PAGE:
• Institutional, structural and systemic racism = racist policy and practice in terms of outcomes e.g. recruitment, decision-making, interpretation, collections development and management.
  • Anti-racism is a proactive stance against racism in all forms seen in actions and work rather than statements and policy.

Reindigenisation. Loose concept to denote the need to re-establish or establish ways of thinking and doing that are not based in Western (colonial) thought, ideology or habit. This can extend to dress-codes and the use of multiple languages rather than English.

Restitution. Often used interchangeably with repatriation, specifically to a clearly identified owner, but may also refer to restorative practices such as compensation.

Repatriation. Of cultural artefacts taken, looted (spoliated) during war or colonial occupation.

Slavery and enslaved peoples.

Trigger warning. Courtesy to warn readers, listeners or viewers of content they may find distressing because of its violence or humiliating and offensive language and/or representations.

Whiteness, white gaze, white fragility, conditional whiteness. Facets of cultural and historic attitudes to and by people of white British and European heritage as espoused in critical race theory.

Expression of colonial and and other power relations

Being ‘colour-blind’. Proclamation of not seeing or not choosing to notice dimensions of race in another, also called ‘oppression blindness’.

Dismantle, dismantling. To deconstruct or displace colonial or dominant social, cultural and political structures that are based on the dominance of one group of people over another. Includes addressing concepts like white supremacy, and even the very idea of a museum and hierarchically organised collections.

Emotional labour. Psychological burdens experienced mainly by people of colour to do all the work, in the same category as ‘diversity hires‘.

Free speech vs hate speech and abuse. 

Gaslighting. Manipulation of other people’s reality. Trying to get someone else (or a group of people) to question their own reality, memory or perceptions.

Microaggressions. Less obvious racism in everyday life, e.g. “where are you from? No, where are you really from?”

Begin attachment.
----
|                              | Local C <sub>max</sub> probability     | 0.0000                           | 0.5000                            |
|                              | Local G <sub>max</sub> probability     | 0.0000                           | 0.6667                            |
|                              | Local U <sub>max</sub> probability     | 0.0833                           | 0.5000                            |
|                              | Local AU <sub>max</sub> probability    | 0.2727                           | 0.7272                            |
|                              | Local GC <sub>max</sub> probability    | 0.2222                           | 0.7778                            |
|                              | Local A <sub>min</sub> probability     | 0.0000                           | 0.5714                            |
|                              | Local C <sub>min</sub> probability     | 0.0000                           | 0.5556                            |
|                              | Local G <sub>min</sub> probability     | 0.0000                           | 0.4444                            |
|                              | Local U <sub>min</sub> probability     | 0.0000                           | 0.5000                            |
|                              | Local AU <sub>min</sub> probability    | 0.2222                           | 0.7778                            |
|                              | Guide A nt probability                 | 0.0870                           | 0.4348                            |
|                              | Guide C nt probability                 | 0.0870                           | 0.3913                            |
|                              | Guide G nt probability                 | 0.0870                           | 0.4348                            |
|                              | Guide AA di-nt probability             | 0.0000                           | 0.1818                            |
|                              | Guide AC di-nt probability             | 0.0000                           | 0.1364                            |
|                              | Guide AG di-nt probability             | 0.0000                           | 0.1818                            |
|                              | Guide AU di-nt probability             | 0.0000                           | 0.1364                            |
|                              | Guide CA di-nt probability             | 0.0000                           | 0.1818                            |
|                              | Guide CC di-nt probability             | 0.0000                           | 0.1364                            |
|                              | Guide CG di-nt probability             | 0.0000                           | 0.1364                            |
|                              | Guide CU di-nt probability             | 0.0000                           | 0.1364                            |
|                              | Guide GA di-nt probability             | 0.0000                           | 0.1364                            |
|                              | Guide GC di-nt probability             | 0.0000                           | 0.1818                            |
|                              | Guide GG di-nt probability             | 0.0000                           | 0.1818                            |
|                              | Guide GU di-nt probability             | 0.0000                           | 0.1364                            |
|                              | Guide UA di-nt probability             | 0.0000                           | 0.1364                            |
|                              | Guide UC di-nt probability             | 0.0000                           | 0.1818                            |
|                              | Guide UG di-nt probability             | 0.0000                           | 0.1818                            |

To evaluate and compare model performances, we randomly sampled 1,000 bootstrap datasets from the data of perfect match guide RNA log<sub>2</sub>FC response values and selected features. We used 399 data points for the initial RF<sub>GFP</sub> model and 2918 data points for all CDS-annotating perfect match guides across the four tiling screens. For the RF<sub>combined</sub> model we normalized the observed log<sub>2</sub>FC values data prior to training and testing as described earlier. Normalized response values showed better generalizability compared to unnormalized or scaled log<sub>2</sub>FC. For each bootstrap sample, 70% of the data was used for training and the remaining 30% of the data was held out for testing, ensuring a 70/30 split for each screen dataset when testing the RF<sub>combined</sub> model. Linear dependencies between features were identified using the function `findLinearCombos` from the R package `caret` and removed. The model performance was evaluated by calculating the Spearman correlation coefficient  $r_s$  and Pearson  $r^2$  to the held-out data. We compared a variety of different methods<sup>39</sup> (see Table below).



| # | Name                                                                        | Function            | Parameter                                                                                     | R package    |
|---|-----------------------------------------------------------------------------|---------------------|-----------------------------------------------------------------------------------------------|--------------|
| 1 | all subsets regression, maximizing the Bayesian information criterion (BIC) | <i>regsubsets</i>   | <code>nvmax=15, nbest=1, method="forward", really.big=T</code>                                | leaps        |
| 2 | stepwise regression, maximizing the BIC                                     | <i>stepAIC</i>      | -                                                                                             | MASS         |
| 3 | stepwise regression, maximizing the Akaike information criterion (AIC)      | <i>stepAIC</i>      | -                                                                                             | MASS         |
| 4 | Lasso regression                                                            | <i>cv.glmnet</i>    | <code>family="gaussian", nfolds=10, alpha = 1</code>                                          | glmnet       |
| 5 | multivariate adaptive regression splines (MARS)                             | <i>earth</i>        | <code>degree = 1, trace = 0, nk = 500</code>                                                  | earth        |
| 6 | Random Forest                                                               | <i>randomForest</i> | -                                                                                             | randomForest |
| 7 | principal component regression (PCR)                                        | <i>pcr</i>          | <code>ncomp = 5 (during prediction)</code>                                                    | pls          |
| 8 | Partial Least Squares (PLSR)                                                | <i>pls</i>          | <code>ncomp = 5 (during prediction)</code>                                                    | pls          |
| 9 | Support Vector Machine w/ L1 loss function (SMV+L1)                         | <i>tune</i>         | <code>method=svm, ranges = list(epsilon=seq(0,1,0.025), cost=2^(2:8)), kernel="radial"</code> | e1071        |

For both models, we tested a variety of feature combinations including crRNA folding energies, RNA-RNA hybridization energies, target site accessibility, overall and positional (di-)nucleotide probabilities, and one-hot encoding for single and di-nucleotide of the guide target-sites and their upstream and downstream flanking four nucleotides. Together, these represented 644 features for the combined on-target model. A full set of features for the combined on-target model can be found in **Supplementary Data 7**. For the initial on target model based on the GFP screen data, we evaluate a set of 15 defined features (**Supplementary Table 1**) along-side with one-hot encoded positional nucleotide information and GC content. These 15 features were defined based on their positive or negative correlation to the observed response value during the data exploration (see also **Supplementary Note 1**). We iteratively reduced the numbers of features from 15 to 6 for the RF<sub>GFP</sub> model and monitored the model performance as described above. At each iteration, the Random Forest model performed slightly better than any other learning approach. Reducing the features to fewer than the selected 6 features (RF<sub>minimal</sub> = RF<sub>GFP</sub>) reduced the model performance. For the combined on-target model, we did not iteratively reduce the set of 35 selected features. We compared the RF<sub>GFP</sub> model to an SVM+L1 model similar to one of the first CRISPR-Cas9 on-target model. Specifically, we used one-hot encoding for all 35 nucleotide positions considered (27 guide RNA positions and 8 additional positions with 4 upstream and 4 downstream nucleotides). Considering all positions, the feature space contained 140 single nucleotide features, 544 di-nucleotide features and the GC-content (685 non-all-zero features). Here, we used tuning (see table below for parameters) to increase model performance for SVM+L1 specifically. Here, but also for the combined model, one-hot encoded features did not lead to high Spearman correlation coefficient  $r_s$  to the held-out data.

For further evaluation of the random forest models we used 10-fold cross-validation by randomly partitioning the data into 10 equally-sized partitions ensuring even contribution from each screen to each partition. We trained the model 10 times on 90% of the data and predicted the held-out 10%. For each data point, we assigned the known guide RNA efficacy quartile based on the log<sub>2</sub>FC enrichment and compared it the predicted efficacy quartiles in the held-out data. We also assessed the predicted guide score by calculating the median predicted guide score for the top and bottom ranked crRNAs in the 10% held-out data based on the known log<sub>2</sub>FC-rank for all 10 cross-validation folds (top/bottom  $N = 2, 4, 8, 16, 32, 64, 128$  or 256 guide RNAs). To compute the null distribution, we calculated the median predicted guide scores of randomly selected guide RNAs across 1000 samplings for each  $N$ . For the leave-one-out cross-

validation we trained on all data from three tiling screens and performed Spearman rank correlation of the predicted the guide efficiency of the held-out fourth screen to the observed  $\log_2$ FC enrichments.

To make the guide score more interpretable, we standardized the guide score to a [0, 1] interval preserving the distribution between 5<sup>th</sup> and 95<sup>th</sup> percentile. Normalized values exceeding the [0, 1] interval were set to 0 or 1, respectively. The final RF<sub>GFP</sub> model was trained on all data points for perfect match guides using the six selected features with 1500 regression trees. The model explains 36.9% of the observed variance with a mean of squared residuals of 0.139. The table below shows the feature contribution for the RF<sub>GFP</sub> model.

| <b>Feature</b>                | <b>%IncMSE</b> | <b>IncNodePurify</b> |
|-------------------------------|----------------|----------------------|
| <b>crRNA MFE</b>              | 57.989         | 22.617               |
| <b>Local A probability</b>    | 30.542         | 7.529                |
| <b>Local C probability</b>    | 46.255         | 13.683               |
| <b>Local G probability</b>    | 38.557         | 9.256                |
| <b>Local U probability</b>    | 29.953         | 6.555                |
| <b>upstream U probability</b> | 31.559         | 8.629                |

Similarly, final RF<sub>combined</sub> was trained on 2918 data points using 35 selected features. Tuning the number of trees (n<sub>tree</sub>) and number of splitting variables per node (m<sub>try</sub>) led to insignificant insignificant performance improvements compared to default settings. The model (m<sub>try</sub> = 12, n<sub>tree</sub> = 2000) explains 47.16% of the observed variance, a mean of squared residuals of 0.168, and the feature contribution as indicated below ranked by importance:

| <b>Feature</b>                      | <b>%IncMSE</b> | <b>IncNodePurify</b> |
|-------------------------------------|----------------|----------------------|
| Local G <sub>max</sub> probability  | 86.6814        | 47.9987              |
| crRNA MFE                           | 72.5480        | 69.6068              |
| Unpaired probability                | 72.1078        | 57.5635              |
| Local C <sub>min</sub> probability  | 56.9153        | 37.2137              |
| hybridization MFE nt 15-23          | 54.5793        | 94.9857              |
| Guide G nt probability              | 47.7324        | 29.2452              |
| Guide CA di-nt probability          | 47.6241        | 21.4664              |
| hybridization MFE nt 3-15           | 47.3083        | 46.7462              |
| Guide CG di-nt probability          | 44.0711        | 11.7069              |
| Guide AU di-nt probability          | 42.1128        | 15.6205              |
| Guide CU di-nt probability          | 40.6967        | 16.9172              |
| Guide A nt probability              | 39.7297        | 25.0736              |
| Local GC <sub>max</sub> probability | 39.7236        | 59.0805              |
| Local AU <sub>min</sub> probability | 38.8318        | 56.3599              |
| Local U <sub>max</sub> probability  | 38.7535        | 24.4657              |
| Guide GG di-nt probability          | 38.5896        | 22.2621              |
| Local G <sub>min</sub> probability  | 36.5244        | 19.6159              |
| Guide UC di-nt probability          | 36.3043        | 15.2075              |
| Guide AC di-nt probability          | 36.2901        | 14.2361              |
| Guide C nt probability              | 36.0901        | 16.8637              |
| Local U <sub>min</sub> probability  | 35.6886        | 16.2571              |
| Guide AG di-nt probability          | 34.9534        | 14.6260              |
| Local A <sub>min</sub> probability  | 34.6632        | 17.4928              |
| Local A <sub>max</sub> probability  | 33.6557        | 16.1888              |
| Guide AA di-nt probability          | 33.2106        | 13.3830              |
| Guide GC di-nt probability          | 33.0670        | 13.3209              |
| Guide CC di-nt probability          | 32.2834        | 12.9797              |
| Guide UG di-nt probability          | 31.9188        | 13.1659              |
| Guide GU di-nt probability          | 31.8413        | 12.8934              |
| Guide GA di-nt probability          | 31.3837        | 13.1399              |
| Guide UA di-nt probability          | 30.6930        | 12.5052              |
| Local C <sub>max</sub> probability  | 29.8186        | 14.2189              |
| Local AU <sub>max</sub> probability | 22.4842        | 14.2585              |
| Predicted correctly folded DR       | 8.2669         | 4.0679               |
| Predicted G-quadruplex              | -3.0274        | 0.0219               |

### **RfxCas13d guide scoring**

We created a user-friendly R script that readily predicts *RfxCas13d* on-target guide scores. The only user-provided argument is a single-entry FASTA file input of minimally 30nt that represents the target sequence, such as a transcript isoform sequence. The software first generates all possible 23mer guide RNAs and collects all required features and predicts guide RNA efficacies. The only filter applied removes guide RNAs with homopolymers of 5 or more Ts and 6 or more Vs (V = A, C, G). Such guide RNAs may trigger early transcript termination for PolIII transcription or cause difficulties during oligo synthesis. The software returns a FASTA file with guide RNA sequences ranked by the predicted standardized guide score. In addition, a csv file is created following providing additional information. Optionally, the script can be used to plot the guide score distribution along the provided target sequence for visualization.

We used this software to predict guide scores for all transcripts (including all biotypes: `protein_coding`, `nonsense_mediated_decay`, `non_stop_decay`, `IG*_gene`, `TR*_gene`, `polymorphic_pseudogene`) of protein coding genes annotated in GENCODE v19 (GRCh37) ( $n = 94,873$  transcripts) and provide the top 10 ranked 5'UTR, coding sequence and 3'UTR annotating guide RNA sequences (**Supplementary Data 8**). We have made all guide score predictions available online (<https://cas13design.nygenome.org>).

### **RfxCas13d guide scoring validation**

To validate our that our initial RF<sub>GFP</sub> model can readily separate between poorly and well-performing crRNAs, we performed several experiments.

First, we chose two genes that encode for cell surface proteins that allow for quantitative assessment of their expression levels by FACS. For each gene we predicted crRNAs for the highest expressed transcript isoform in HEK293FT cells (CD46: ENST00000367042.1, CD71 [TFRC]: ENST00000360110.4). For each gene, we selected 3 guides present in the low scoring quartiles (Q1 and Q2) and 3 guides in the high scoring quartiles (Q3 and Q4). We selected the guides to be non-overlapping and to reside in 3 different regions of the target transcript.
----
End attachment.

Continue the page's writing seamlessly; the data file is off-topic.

Othering. Being pejorative about people different to you, or viewing all people who are different, e.g. those with a different appearance or voice as one homogeneous group e.g. migrants 

Performative allyship. Statements not backed up by actions and core practice.

Positionality. Being self-aware of your power and privilege in relation to another.

Power (wealth, funding, networks, decision-making). Speaking truth to power, a way of expressing the challenges inherent in decolonial work.

Prejudice and discrimination. Words commonly associated with oppressive power play.

Privilege. Usually, not always, associated with white privilege. Systemic and institutional racism can benefit those with privilege, as well as disadvantage those without privilege.

Re-writing history. Accusation commonly made against those who campaign for tangible decolonial acts, e.g. taking down statues of slave owners and proponents of Colonial and post-colonial racist policy; changing the names of galleries, rooms and museums; changing the school curriculum to more truthfully reflect Colonial racism, violence and oppression. 

Reverse racism. Accusation made by those from privileged groups (e.g. people of White European heritage) who experience prejudice from others based on their looks, colour of their skin or perceived life advantage.

Silence. On racism and racist practices, on prejudices, on policies that will exclude.

Trust and trustworthy. Particularly important in museums as, in general, society believes museums to be trustworthy.

Violence and oppression. Oppressive practices. Deeply rooted normalised practices and power play e.g. questions on diversity monitoring forms, procedures, the experience of confronting displays, language used in description, marketing and labelling, many others….

Virtue signalling. Associating yourself or organisation with a cause to make yourself look good by aligning yourself with others e.g. anti-racism or decolonisation, for example, by making statements, but not living by them or actioning them in practice.

Woke. Having sensitivity towards injustice, particularly racism, homophobia and ableism. Also used under the guise of culture wars as a derogatory term towards those raising awareness of injustice, especially racial injustice.